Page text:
Transfer Of Ambulance Services To Contractor Is Negotiable

Local 963 of the International Association of Fire Fighters represents the members of the Lockport, New York Fire Department. Other than the Fire Chief, Local 963 represents all firefighters employed by the City. The firefighters are cross-trained in firefighting and emergency medical services, and prior to September 15, 2014, each firefighter was dual-assigned to both an ambulance and a fire vehicle. Since 1979, firefighters had exclusively provided EMS and ambulance services in the City, and had generally responded with an ambulance to every fire, car accident, and EMS call.

The parties entered into negotiations for a successor to the 2008-2012 agreement in late 2011. One of Local 963’s goals was to restore minimum manning from nine to ten, with work schedule changes and modifications in health care benefits. Near the end of 2013, union representatives met with the Mayor at the time, Michael Tucker, and he proposed a retirement incentive in exchange for withdrawal of all union grievances and the elimination of any minimum manning standard. Local 963 rejected the proposal.

In January 2014, Tucker ended negotiations and the City abolished eight firefighter positions, resulting in seven firefighter layoffs. Local 963 demanded that the City engage in “impact bargaining” over the increased workload and increased safety risk to firefighters as a result of those layoffs.

However, Tucker resigned shortly thereafter, with City Common Council President Anne McCaffrey assuming responsibility as mayor. Initially, McCaffrey advised Local 963 officers that she would need time to assess the City’s financial situation before they could continue contract negotiations. Eventually, the City surrendered its ambulance operating certificate and took both the Department’s ambulances out of service, effective September 15, 2014. On that same date, ambulance service in the City was assumed by Twin City Ambulance Corporation, pursuant to an agreement with the City.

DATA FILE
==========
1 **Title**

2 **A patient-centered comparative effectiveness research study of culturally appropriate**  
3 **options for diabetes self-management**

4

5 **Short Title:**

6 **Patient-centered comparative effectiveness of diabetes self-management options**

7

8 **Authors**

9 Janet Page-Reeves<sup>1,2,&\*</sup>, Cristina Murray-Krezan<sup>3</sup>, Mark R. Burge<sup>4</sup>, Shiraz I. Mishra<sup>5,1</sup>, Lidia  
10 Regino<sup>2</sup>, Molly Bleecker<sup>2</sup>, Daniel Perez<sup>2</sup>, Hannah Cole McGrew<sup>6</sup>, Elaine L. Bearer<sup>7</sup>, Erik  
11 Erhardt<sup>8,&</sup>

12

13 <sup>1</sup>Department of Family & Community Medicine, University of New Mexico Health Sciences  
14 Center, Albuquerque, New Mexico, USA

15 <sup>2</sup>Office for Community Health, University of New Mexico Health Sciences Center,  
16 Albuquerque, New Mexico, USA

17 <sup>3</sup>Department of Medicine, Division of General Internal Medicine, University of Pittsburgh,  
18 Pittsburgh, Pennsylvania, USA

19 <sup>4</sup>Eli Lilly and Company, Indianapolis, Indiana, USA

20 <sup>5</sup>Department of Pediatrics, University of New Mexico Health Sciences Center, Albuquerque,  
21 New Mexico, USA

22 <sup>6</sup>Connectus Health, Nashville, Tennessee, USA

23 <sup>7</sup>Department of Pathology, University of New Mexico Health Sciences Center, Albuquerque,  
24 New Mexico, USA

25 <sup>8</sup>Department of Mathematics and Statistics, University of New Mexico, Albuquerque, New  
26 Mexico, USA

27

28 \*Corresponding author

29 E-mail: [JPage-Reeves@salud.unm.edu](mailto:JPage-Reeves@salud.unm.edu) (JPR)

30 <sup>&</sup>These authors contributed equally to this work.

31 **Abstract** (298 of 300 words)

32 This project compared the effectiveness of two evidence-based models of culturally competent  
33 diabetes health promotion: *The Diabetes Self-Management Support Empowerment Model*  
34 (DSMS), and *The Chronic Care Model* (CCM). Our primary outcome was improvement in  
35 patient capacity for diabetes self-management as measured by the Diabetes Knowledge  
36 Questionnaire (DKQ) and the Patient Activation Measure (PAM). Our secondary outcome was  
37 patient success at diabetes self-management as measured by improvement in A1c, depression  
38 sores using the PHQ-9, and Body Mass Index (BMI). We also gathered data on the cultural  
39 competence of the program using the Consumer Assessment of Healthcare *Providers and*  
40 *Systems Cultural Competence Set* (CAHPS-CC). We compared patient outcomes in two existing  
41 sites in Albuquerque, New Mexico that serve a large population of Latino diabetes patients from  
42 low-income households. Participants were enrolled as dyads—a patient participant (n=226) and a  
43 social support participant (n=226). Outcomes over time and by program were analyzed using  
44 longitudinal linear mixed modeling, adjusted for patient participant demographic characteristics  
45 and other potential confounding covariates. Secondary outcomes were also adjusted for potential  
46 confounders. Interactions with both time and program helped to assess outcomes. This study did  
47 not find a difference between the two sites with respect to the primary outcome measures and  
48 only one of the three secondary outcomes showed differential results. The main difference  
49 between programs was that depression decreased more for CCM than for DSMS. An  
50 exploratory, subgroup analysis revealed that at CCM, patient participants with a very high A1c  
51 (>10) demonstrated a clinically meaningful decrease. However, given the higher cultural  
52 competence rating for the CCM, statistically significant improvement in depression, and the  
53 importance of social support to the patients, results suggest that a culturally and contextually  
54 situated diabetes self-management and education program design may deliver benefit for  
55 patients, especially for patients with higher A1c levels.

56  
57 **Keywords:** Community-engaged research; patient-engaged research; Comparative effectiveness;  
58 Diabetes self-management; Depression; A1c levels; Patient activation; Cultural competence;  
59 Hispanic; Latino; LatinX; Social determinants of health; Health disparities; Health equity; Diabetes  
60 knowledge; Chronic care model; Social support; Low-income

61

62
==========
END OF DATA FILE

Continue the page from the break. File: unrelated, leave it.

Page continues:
Firefighter staffing was cut shortly thereafter from 38 to 33 firefighters, with five layoffs, and minimum manning was reduced to six. Local 963 responded by filing an unfair labor practice complaint, alleging that the City’s failure to engage in impact bargaining over the layoffs and its subsequent contract with TCA violated its obligation to bargain in good faith.

An administrative law judge (ALJ) for New York’s Public Employment Relations Commission agreed with Local 963. The ALJ reasoned that “although the City is correct that it has no duty to negotiate the managerial decision to reduce staffing, it does have an obligation to negotiate the impact of that decision on terms and conditions of employment of the affected employees. The City’s defense that McCaffrey was unaware of the demand and had no obligation to respond because it was not made during her tenure is rejected. The City’s Mayor at the time was served with the demand, as was the City’s Deputy Corporation Counsel; thus, the City was on notice of the demand and obligated to respond. Additionally, the fact that the union did not insist on the immediate scheduling of negotiations due to the abrupt change in the Mayor’s office and the City’s dire financial position at the time, does not relieve the City of that obligation.